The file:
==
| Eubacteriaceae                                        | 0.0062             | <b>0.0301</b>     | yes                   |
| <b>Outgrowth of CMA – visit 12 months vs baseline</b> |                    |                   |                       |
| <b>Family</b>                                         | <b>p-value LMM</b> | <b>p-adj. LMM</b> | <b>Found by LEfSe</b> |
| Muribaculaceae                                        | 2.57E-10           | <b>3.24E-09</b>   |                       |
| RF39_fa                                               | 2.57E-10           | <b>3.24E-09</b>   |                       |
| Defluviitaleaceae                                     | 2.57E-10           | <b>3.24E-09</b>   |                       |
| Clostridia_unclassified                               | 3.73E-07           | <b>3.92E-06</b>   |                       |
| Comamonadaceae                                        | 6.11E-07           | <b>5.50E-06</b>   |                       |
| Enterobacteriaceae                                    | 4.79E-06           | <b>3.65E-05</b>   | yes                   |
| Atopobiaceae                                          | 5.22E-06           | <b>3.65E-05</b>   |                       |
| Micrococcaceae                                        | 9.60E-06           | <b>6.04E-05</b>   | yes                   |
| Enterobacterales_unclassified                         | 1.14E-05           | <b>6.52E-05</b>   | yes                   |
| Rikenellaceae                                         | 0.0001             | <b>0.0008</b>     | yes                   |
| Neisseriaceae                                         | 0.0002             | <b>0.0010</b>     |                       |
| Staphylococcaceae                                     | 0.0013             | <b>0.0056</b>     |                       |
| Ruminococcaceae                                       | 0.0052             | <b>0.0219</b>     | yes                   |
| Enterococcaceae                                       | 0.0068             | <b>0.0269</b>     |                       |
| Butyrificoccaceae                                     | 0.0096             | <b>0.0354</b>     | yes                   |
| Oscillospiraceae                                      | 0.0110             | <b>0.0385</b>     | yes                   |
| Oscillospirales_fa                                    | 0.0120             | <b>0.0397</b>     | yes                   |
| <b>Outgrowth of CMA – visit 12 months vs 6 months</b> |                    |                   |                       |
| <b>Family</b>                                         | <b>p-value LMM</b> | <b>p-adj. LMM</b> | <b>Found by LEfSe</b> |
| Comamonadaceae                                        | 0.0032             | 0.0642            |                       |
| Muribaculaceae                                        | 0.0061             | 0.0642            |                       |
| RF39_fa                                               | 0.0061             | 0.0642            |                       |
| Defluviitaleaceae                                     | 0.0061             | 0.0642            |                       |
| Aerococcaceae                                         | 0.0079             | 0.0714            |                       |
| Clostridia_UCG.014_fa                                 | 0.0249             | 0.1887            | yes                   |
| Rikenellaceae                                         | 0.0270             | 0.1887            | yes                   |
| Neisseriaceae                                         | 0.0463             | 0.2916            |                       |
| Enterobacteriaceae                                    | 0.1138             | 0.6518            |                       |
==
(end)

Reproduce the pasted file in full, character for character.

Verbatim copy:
| Eubacteriaceae                                        | 0.0062             | <b>0.0301</b>     | yes                   |
| <b>Outgrowth of CMA – visit 12 months vs baseline</b> |                    |                   |                       |
| <b>Family</b>                                         | <b>p-value LMM</b> | <b>p-adj. LMM</b> | <b>Found by LEfSe</b> |
| Muribaculaceae                                        | 2.57E-10           | <b>3.24E-09</b>   |                       |
| RF39_fa                                               | 2.57E-10           | <b>3.24E-09</b>   |                       |
| Defluviitaleaceae                                     | 2.57E-10           | <b>3.24E-09</b>   |                       |
| Clostridia_unclassified                               | 3.73E-07           | <b>3.92E-06</b>   |                       |
| Comamonadaceae                                        | 6.11E-07           | <b>5.50E-06</b>   |                       |
| Enterobacteriaceae                                    | 4.79E-06           | <b>3.65E-05</b>   | yes                   |
| Atopobiaceae                                          | 5.22E-06           | <b>3.65E-05</b>   |                       |
| Micrococcaceae                                        | 9.60E-06           | <b>6.04E-05</b>   | yes                   |
| Enterobacterales_unclassified                         | 1.14E-05           | <b>6.52E-05</b>   | yes                   |
| Rikenellaceae                                         | 0.0001             | <b>0.0008</b>     | yes                   |
| Neisseriaceae                                         | 0.0002             | <b>0.0010</b>     |                       |
| Staphylococcaceae                                     | 0.0013             | <b>0.0056</b>     |                       |
| Ruminococcaceae                                       | 0.0052             | <b>0.0219</b>     | yes                   |
| Enterococcaceae                                       | 0.0068             | <b>0.0269</b>     |                       |
| Butyrificoccaceae                                     | 0.0096             | <b>0.0354</b>     | yes                   |
| Oscillospiraceae                                      | 0.0110             | <b>0.0385</b>     | yes                   |
| Oscillospirales_fa                                    | 0.0120             | <b>0.0397</b>     | yes                   |
| <b>Outgrowth of CMA – visit 12 months vs 6 months</b> |                    |                   |                       |
| <b>Family</b>                                         | <b>p-value LMM</b> | <b>p-adj. LMM</b> | <b>Found by LEfSe</b> |
| Comamonadaceae                                        | 0.0032             | 0.0642            |                       |
| Muribaculaceae                                        | 0.0061             | 0.0642            |                       |
| RF39_fa                                               | 0.0061             | 0.0642            |                       |
| Defluviitaleaceae                                     | 0.0061             | 0.0642            |                       |
| Aerococcaceae                                         | 0.0079             | 0.0714            |                       |
| Clostridia_UCG.014_fa                                 | 0.0249             | 0.1887            | yes                   |
| Rikenellaceae                                         | 0.0270             | 0.1887            | yes                   |
| Neisseriaceae                                         | 0.0463             | 0.2916            |                       |
| Enterobacteriaceae                                    | 0.1138             | 0.6518            |                       |